As a human resources professional, I’ve seen employees struggle to get answers to their questions. Not because HR pros are trying to keep information from employees. But because employees don’t know who handles what in HR.
This isn’t a problem that’s unique to new hires.Employees will have questions about special situations that aren’t typically spelled out in the company policy. In addition, the questions don’t have to be complicated. Long-term employees who have forgotten where that employee handbook is located often have questions about benefits they’ve never used before. Employees want answers from human resources. And not getting those answers is distracting employees from their work.
What’s needed is a way for organizations and employees to effectively and efficiently handle employee requests. Yes, please notice I included employees because they play a role in this process too. Here’s what each party can do to improve communications.
Human resources can:
Create a knowledge base that employees can access 24/7/365. Consider adding a FAQ component to policies and procedures that addresses commonly asked questions. Employees will have questions that don’t necessarily need to be written into the policy but they’re good questions. Use the knowledge base to post those answers.
Have a central point of contact for questions. Make it easy for employees to ask questions. They only need to know one thing - how to reach the central point of contact. Once that is established, HR needs to have a process for routing requests to the proper person for response.
Commit to a response. HR’s credibility takes a hit when employees don’t feel they can get a timely response. In my career, I’ve always told employees that I can’t promise the answers they want to hear, but I will give them an answer. And within a reasonable amount of time. Make it a goal to provide responses within XX hours or days, depending upon your operation. Then use the goal to measure your success.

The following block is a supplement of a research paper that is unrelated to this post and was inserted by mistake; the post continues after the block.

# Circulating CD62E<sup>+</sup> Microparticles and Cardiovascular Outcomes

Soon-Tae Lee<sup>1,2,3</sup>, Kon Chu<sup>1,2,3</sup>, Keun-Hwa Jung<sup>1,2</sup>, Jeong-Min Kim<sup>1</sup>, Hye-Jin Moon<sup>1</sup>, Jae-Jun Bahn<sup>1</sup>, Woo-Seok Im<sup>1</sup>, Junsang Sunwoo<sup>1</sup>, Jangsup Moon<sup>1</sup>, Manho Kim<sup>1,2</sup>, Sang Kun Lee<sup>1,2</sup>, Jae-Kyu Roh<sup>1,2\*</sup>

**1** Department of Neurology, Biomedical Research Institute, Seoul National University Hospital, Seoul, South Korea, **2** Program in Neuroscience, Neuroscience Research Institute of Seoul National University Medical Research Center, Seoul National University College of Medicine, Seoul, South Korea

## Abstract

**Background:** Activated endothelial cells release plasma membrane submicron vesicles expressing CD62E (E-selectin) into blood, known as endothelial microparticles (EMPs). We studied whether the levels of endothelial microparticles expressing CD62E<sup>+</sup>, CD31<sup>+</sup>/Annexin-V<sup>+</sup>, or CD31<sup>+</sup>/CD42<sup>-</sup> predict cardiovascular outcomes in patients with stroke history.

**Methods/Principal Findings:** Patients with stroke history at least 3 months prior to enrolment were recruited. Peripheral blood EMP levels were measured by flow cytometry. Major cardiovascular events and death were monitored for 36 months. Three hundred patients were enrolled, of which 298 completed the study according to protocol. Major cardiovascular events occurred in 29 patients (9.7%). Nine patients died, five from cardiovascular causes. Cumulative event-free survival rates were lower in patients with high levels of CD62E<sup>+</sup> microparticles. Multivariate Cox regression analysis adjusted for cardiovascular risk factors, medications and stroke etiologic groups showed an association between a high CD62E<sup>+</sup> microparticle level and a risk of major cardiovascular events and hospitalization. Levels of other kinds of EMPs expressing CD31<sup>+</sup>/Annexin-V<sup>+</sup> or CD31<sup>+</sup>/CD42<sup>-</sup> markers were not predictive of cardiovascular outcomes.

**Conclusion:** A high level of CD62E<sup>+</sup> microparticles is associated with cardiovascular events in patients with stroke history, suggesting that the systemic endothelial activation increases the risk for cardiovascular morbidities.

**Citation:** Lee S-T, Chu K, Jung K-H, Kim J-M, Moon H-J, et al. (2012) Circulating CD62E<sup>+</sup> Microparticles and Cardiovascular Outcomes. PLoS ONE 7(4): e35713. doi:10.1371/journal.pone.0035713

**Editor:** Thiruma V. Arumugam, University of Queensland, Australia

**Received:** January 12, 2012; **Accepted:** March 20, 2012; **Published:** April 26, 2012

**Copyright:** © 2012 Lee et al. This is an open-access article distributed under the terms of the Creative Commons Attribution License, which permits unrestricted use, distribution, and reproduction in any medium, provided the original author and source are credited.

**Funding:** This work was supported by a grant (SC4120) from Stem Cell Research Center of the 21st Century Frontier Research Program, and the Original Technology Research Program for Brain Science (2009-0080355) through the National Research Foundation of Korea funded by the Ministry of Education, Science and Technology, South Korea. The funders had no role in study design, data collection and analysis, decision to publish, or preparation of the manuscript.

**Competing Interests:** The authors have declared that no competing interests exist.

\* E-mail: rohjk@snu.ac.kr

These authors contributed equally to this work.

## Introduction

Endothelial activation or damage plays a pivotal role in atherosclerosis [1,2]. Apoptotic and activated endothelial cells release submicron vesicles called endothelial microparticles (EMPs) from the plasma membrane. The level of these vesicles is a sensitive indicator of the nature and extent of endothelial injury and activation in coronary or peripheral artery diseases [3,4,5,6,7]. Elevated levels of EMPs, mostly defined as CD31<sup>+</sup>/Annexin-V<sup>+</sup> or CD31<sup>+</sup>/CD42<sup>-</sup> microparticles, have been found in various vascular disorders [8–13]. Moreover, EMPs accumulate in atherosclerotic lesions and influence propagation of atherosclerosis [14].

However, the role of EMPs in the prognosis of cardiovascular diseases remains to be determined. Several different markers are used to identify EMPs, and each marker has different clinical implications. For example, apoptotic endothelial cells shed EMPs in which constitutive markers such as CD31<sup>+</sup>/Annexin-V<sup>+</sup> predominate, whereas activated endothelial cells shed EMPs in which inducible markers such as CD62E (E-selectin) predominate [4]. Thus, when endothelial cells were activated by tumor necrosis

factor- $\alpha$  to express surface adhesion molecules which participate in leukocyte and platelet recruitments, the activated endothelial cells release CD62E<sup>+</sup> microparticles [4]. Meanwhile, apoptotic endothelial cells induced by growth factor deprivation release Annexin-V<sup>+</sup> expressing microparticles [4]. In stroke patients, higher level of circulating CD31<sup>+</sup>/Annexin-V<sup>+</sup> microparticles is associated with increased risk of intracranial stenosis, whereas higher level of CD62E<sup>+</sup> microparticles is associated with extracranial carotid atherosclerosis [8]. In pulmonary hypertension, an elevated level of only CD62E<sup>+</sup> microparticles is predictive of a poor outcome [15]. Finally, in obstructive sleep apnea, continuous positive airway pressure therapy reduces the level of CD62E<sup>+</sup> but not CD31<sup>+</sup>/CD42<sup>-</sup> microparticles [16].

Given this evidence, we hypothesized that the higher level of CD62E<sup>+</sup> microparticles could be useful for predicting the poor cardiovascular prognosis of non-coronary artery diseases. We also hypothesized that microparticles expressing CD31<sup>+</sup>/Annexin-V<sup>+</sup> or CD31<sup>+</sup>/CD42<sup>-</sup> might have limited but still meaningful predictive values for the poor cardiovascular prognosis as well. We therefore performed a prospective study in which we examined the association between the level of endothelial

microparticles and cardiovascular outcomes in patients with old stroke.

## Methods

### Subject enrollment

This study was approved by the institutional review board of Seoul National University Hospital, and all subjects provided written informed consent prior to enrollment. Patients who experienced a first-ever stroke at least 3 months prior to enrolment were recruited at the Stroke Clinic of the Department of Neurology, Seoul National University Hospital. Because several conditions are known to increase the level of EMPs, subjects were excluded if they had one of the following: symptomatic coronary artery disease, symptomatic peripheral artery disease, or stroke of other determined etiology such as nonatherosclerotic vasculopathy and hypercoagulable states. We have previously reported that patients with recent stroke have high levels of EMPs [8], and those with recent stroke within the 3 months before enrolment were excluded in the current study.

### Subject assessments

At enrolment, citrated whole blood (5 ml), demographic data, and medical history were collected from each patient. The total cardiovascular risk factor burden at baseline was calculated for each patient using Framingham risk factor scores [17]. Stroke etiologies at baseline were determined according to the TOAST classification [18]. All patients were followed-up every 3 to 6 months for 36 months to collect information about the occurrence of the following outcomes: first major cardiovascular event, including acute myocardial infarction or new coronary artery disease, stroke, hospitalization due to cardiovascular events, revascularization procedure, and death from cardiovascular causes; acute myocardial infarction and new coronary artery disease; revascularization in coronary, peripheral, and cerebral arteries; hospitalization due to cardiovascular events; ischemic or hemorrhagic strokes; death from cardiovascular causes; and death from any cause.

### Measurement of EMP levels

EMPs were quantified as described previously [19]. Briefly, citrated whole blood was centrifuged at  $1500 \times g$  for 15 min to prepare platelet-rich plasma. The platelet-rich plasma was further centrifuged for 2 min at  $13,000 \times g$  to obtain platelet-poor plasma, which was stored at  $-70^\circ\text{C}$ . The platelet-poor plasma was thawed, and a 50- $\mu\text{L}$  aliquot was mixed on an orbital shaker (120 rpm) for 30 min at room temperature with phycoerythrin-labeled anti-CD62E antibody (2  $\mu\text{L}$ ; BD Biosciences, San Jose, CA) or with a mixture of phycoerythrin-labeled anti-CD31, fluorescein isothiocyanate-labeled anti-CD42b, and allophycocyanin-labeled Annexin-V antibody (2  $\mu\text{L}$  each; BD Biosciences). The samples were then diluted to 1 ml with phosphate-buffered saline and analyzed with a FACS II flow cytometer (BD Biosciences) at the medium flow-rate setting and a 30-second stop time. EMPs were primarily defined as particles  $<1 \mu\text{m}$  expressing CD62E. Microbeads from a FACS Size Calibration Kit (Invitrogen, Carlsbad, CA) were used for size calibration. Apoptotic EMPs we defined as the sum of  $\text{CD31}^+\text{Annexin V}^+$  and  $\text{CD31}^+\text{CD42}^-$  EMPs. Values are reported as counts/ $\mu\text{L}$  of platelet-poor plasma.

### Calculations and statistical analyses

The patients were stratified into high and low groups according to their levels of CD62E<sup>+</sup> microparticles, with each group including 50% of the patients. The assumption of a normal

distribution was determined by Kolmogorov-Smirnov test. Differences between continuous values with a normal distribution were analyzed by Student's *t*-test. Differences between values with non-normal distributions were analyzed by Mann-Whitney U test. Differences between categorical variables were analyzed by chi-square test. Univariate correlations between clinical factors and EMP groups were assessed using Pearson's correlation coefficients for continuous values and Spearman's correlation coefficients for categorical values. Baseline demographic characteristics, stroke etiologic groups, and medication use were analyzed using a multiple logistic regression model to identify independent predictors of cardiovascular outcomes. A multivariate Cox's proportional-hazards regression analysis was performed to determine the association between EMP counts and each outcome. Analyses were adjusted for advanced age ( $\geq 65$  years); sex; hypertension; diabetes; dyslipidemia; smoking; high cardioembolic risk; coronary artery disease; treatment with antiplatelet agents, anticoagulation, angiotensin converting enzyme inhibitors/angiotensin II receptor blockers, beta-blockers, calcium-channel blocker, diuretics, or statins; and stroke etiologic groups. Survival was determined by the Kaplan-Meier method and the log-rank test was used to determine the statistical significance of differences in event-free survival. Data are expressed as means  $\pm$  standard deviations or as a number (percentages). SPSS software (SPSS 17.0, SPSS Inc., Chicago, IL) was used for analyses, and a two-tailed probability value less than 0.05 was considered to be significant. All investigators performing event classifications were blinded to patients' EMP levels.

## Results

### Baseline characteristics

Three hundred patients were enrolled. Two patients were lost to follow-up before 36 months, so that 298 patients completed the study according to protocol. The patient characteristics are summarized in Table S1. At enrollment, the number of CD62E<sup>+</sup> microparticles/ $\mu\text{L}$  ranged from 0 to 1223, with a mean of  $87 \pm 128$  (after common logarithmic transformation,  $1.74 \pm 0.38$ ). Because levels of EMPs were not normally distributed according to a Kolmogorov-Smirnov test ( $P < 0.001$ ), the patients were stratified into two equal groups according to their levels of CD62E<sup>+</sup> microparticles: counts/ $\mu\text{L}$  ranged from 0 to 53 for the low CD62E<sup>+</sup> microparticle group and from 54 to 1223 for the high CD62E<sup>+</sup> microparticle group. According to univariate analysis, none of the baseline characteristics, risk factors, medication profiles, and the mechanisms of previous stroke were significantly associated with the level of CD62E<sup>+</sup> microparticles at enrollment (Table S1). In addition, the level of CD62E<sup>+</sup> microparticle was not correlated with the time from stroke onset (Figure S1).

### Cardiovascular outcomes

Try to find the answer themselves. I totally get it. When I want answers, I can be more than a little impatient. But realistically speaking, human resources is juggling several priorities – no different from anyone else. Look at the resources you’ve been provided: handbooks, policy manuals, and the electronic knowledge base to see if the answer already exists.
Seek clarity and understanding. If you have the question, others probably do too. On behalf of HR pros everywhere, let me say that sometimes we think we were clear when we wrote the memo, but maybe we weren’t. Don't be afraid to ask if something isn’t clear and keep asking questions until it makes sense to you.
Tell HR what they do well. No news is good news isn’t a management philosophy. If HR puts together a chart/graph/video/whatever that clearly explains something, let them know. The feedback is helpful for the next time HR is asked to create an employee communication.
Over the years, I’ve seen employees get very angry with HR because they couldn’t drop everything to handle a request. And HR get frustrated because employees think they have nothing else better to do than to drop everything and respond. Both have the same goal: to create a communication process that allows employees to get good answers in a timely fashion. It also allows human resources to give good responses quickly and efficiently.
When employees and HR commit to the same ground rules, communication becomes easier and more effective. It does mean that everyone needs to take initiative for their role in the process and hold themselves personally accountable for delivering results.The good news is when the process is perfected, everyone gets to focus on the work…which is a big win for the company.
Sharlyn Lauby is the HR Bartender and president of ITM Group Inc., a South Florida based training and human resources consulting firm focused on helping companies retain and engage talent.
Sharlyn sees human resources as a strategic partner - the marketing department for a company’s internal clients rather as administrative. During her 20+ years in the profession, she has earned a reputation for bringing business solutions to reality.
Prior to starting ITM Group, Sharlyn was vice president of human resources for Right Management Consultants, one of the world’s largest organizational consulting firms. She has designed and implemented highly successful programs for employee retention, internal and external customer satisfaction, and leadership development. Publications such as Reuters, The New York Times, ABC News, TODAY, Readers Digest, Men’s Health and The Wall Street Journal have sought out her expertise on topics related to human resources and workplace issues.